Park & Gardens
The foundation stone for Blenheim Palace was laid on June 18th 1705 and, at the same time as architect John Vanbrugh’s creation began, landscape gardener, Henry Wise started to shape and form the perfect setting for the home which was to be a monument to the great achievements of John Churchill, 1st Duke of Marlborough.
Wise created symmetry and formality in the gardens – as was the fashion at the time – he designed a vast parterre which was to be found where the South Lawn now sits, an immense walled kitchen garden surrounded by a 14 feet high wall to protect the fruit and vegetables from marauding deer and planted a ‘woodwork’ of mature trees with winding pathways for the ageing Duke to enjoy in the last two summers of his life.
Column of Victory
He continued the symmetry by planting a line of elms to lead from the outside world up to Flagstaff Lodge and a great avenue of elms, almost 3000 metres long, planted 4 deep leading from the Column of Victory all the way up to Ditchley Gate in the north of the Park
Lancelot ‘Capability’ Brown
The landscape matured and remained largely unchanged for the next few decades until in 1764, the 4th Duke of Marlborough commissioned Lancelot Brown to realise the full ‘Capability’ of the gardens.
Fashions had changed and Brown favoured a more natural look to replace the formality which had been popular during the earlier part of the 18th century. He swiftly did away with what remained of the Great Parterre and laid it to lawn.
He grassed over Great Court, planted Cedars of Lebanon – exotic at the time and a sign of great wealth – and went on to create a belt of beech trees around the perimeter of the Park to give the Duke the feeling of privacy and seclusion that he craved.
The Great Lake
Brown’s greatest achievement at Blenheim was probably the creation of the Great Lake. When Vanbrugh built his bridge, it spanned the River Glyme, a trickle of water which made the enormous structure look completely out of place.
By creating the Lake, Brown gave the bridge the setting it deserved; it took 1000 workers 10 years to complete the work and once the Lake had been dug out – by hand – Brown dammed the river in order to fill it and then built the Grand Cascade to add drama and and sound to his magnificent work.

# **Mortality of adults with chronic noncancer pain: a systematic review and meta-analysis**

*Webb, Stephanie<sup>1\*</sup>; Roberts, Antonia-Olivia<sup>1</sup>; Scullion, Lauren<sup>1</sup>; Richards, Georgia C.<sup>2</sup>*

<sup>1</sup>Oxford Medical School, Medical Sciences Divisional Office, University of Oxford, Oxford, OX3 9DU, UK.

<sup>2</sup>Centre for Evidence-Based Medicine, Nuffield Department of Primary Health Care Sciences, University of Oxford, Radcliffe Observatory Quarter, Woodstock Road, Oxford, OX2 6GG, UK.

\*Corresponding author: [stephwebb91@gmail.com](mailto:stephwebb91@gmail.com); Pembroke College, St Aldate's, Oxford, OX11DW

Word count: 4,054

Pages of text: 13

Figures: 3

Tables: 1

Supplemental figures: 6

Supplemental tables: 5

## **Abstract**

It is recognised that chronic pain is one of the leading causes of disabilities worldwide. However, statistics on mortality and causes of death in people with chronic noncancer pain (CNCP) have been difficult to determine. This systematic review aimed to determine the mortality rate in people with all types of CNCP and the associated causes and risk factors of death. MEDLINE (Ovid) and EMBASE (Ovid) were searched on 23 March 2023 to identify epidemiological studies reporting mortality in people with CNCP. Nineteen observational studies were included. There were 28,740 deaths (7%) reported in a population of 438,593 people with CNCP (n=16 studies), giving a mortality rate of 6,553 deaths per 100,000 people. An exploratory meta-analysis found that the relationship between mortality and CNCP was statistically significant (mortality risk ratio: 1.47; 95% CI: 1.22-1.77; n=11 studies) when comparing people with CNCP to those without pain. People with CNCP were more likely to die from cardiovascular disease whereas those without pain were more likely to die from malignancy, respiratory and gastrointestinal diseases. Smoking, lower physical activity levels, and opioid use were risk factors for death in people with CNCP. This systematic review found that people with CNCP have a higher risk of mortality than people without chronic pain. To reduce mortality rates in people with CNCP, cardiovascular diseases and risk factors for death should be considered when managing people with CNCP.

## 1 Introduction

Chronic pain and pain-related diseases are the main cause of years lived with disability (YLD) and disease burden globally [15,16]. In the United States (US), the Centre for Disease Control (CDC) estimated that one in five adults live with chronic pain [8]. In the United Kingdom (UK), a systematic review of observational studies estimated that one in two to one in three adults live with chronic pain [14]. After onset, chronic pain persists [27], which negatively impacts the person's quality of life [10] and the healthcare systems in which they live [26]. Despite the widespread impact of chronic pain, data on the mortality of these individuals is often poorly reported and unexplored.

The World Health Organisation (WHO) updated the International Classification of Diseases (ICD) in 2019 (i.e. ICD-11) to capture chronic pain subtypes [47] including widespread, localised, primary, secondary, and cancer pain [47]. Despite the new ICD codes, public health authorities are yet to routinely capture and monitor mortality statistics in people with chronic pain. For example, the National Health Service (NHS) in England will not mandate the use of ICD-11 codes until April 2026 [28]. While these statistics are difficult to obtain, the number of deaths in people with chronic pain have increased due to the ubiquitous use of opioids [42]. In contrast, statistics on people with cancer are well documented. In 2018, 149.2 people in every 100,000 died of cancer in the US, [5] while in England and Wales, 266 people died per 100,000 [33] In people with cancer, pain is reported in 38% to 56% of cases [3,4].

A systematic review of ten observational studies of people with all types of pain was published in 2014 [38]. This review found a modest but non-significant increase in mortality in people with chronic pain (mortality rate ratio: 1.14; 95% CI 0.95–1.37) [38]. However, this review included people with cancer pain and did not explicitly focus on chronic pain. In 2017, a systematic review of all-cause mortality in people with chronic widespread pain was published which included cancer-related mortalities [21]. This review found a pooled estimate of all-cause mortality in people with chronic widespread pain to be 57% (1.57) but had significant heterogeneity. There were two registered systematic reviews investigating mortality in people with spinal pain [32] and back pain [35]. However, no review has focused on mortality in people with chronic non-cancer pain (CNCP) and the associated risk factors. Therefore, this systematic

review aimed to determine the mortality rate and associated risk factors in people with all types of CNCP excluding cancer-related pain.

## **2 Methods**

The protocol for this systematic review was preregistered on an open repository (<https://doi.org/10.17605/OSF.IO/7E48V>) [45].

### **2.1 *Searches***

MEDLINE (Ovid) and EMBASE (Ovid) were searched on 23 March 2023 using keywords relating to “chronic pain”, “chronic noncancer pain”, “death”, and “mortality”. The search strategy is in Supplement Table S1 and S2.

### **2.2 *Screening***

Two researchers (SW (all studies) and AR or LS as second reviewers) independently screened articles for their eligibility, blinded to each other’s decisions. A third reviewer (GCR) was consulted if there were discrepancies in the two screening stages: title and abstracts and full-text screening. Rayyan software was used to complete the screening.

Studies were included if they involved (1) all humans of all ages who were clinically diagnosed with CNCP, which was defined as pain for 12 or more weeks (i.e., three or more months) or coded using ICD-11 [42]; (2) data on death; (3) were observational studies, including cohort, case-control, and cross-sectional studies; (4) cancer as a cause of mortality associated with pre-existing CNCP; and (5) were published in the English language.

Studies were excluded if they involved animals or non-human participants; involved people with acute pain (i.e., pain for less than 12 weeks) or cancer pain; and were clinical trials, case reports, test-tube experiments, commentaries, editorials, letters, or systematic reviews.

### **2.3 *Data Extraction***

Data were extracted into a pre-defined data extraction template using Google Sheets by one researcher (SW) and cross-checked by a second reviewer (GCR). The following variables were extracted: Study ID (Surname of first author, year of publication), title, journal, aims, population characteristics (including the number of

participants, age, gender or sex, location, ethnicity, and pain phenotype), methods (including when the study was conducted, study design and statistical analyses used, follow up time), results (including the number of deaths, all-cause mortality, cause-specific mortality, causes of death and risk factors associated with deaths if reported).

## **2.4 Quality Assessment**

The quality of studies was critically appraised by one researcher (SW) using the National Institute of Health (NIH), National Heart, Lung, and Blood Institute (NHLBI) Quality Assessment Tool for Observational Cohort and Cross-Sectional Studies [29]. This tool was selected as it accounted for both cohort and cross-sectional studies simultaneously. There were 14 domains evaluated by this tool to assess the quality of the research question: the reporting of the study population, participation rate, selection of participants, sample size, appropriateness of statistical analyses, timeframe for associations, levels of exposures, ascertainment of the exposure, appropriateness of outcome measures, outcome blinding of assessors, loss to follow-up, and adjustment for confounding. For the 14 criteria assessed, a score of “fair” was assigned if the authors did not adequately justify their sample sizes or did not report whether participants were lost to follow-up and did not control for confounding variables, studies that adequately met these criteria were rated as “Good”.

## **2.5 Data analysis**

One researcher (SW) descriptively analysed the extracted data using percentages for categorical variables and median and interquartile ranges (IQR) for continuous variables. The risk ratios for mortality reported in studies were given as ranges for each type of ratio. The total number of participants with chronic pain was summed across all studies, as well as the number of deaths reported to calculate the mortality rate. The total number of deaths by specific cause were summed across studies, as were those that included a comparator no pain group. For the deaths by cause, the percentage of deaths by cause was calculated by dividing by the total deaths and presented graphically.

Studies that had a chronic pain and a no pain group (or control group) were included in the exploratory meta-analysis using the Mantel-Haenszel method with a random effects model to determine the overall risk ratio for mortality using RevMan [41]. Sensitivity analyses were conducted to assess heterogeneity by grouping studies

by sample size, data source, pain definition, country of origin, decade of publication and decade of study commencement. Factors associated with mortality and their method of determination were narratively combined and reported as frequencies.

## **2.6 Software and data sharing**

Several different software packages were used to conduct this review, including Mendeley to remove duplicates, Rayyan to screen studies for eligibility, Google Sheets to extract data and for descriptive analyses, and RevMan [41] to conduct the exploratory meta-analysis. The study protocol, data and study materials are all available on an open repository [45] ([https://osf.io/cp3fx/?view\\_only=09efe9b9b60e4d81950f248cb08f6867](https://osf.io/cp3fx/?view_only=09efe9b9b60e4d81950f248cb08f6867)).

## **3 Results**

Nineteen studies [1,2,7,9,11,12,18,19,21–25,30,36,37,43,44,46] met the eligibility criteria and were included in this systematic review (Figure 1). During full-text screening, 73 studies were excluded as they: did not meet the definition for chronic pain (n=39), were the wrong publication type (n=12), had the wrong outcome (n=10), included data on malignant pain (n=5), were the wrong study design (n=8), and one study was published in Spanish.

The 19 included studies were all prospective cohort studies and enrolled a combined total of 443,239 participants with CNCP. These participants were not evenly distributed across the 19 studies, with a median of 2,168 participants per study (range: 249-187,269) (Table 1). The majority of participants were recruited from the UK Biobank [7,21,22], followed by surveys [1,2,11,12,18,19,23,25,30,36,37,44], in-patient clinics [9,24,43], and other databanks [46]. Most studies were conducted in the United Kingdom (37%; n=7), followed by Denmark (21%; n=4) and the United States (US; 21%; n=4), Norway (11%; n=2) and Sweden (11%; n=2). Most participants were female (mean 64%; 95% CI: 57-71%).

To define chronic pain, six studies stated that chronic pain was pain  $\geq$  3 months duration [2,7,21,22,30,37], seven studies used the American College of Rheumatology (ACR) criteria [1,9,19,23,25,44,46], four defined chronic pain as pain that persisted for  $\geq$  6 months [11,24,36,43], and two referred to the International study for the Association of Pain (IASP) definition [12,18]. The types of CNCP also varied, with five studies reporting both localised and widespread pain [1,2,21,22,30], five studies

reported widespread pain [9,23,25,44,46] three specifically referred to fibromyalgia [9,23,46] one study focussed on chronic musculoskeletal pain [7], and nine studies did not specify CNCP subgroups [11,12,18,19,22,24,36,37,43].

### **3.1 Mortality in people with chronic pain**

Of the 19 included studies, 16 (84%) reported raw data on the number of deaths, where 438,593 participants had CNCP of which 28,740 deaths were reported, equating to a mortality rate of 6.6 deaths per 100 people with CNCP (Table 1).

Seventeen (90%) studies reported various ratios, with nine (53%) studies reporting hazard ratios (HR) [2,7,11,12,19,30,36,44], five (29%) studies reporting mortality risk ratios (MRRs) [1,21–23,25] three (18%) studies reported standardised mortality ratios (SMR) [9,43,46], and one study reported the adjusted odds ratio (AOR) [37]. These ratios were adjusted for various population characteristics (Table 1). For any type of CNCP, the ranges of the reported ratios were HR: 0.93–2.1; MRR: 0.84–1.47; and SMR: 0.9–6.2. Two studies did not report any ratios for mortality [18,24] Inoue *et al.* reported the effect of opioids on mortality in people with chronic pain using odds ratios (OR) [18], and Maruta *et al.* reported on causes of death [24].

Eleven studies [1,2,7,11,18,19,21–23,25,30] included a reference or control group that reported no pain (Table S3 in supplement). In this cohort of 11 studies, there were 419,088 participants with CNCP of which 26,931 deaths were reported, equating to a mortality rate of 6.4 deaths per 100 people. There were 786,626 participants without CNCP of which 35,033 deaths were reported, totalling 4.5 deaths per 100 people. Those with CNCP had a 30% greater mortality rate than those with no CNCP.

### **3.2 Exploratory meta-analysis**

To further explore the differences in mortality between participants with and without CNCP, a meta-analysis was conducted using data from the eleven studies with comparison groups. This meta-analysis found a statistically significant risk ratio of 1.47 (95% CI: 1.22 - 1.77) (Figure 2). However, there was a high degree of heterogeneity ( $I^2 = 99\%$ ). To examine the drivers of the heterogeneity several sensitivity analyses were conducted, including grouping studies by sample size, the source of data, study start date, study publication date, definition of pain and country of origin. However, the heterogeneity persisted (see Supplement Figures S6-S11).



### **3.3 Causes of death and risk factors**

The 4th Duke was succeeded by his eldest son in 1817; a well-known botanist who had already established the outstanding grounds at his former residence at Whiteknights, Reading, he set about the Blenheim grounds to create a number of varied plantings – a Rose Garden, a Rock Garden and a Botany Bay Garden to name but a few.
The Water Terraces
During the Victorian period, the gardens remained largely unchanged until the time of the 9th Duke. His marriage in 1896 to wealthy American heiress Consuelo Vanderbilt, furnished him with the funds to make further changes to the setting of the Palace.
He promptly restored the Great Court and disposed of the grass laid down by Brown. He then employed the French landscape architect Achille Duchêne to carry out major works to the east and the west of the Palace.
On the east, Duchêne created the Italian Gardens – the Duke’s private gardens - and to the west he replaced the ‘crooked lawn’ with the Water Terraces – a venture which began in the late 1920s and which involved moving many tonnes of earth to create the two terraces complete with statues and topiary which we enjoy today.
Bernini Fountain at The Water Terraces
The 10th Duke added moving water to the Water Terraces by introducing fountains in the basins of the upper terraces – something which his father had always resisted.
The Palace opened its doors to the public in 1950 and as more and more visitors began to arrive, the Duke felt the lack of a garden which he could enjoy in private away from the eyes of the thousands of people who came to enjoy the rest of the surroundings.
The Secret Garden
To remedy this, he created his Secret Garden, an area which became neglected in later years but which was restored to its former glory by his son, the 11th Duke of Marlborough. It was reopened in 2004 and today its quiet beauty can be enjoyed by all.
Temple of Diana
The grounds at Blenheim continue to evolve and develop; 2015 saw the opening of the Churchill Memorial Garden designed by Kim Wilkie. Situated beside the Temple of Diana where Winston proposed to his beloved Clementine, the garden was created to mark 50 years since the great leader’s death and marks out many of the milestones in his long life.
Sunset over Blenheim PalaceBlenheim Palace
As with all gardens, those at Blenheim continue to change and adapt and to give pleasure.
The next phase in the life of this wonderful space will be to restore the Kitchen Gardens created by Henry Wise over 300 years ago, and to create another area which can be enjoyed by visitors from all over the world.